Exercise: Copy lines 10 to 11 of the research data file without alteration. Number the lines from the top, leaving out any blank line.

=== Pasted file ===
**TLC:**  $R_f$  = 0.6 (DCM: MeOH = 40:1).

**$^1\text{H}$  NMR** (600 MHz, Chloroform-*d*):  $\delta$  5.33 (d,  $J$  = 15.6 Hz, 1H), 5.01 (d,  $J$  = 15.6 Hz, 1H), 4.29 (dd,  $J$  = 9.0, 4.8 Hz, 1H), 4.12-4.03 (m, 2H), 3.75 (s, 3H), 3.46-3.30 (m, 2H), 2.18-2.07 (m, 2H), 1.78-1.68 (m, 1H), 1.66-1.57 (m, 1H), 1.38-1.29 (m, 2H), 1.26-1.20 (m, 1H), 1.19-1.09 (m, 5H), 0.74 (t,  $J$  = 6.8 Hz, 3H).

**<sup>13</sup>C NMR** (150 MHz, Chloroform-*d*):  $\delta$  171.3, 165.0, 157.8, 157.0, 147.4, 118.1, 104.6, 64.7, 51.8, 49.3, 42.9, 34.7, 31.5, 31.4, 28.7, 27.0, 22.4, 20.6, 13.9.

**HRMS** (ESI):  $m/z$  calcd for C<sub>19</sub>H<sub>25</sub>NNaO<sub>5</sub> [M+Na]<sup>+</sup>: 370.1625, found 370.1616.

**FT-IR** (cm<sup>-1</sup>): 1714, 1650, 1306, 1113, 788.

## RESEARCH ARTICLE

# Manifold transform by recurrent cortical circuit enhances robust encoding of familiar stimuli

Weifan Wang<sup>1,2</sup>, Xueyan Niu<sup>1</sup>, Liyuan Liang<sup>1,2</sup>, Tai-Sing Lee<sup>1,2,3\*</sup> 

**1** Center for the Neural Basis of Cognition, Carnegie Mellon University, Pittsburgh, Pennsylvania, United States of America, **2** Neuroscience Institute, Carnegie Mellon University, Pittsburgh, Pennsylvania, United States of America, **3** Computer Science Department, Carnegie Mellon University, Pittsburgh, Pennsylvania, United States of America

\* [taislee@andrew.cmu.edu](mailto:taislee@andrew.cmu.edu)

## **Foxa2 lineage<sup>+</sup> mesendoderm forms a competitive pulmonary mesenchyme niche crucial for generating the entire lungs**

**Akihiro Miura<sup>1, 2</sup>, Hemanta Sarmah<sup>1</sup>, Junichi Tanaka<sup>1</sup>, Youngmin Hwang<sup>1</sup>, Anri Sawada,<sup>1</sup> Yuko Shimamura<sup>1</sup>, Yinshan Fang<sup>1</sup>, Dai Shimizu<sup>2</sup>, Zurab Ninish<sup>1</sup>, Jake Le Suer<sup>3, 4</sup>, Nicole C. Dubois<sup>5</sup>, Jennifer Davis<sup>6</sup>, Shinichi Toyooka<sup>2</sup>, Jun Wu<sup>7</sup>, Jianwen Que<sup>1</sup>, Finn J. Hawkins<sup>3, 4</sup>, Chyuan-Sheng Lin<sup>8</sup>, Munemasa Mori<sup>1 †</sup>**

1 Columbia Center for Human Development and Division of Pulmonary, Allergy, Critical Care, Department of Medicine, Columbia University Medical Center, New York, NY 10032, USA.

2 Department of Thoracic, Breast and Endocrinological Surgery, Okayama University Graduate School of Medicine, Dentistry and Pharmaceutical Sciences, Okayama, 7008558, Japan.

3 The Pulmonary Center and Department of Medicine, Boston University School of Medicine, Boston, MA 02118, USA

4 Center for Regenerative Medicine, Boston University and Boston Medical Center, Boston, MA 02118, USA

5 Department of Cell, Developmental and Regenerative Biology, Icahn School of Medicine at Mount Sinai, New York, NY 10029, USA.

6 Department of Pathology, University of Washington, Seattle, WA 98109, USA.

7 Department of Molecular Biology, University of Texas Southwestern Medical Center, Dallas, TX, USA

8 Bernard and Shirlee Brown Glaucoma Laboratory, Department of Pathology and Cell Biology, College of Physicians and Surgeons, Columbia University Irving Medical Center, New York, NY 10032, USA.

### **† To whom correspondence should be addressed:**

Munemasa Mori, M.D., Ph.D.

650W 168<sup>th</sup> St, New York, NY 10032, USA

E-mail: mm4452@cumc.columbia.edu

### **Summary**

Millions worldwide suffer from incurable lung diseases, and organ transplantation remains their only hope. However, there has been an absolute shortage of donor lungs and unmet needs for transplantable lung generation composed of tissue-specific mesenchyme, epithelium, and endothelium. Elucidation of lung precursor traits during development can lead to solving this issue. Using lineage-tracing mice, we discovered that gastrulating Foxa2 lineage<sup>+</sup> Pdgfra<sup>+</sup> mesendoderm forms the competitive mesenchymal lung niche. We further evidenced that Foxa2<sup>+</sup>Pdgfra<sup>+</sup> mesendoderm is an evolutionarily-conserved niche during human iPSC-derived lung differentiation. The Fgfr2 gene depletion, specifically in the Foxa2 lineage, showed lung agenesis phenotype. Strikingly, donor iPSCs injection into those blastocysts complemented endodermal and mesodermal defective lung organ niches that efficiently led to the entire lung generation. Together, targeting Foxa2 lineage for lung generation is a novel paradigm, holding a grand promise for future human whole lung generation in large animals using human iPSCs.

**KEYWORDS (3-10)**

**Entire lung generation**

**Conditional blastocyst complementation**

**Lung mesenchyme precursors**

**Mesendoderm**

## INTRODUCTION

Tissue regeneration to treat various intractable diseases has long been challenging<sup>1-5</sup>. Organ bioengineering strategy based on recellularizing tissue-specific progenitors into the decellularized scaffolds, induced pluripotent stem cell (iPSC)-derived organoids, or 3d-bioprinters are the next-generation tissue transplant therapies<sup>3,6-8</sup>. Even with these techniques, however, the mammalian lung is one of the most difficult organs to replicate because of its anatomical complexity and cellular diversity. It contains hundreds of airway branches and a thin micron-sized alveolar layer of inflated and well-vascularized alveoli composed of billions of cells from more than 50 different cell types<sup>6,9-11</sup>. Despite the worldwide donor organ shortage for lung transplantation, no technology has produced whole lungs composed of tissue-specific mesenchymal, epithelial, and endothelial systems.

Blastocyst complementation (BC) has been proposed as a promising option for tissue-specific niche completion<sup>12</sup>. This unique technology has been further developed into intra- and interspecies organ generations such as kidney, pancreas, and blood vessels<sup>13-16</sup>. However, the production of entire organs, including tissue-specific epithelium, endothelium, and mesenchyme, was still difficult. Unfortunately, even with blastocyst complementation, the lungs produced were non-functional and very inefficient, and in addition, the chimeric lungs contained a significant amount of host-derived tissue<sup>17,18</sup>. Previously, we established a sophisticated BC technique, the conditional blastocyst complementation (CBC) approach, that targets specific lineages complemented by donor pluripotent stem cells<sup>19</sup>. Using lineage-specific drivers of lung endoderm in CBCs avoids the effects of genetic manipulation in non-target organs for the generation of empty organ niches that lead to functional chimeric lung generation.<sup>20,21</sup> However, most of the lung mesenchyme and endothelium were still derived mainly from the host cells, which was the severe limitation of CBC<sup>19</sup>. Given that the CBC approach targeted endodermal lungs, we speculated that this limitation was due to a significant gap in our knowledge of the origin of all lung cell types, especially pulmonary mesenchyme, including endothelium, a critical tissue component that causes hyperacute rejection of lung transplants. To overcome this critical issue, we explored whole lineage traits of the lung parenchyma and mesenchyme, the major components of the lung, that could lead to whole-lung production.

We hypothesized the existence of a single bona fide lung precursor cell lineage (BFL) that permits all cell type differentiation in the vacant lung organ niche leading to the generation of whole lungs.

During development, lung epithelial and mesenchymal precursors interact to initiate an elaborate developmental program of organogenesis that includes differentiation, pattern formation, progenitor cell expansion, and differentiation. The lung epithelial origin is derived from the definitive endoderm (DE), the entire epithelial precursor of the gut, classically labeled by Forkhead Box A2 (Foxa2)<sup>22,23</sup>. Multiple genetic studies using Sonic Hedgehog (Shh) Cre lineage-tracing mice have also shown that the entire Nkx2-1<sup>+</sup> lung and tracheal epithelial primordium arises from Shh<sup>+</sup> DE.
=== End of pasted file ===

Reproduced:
\* [taislee@andrew.cmu.edu](mailto:taislee@andrew.cmu.edu)

## **Foxa2 lineage<sup>+</sup> mesendoderm forms a competitive pulmonary mesenchyme niche crucial for generating the entire lungs**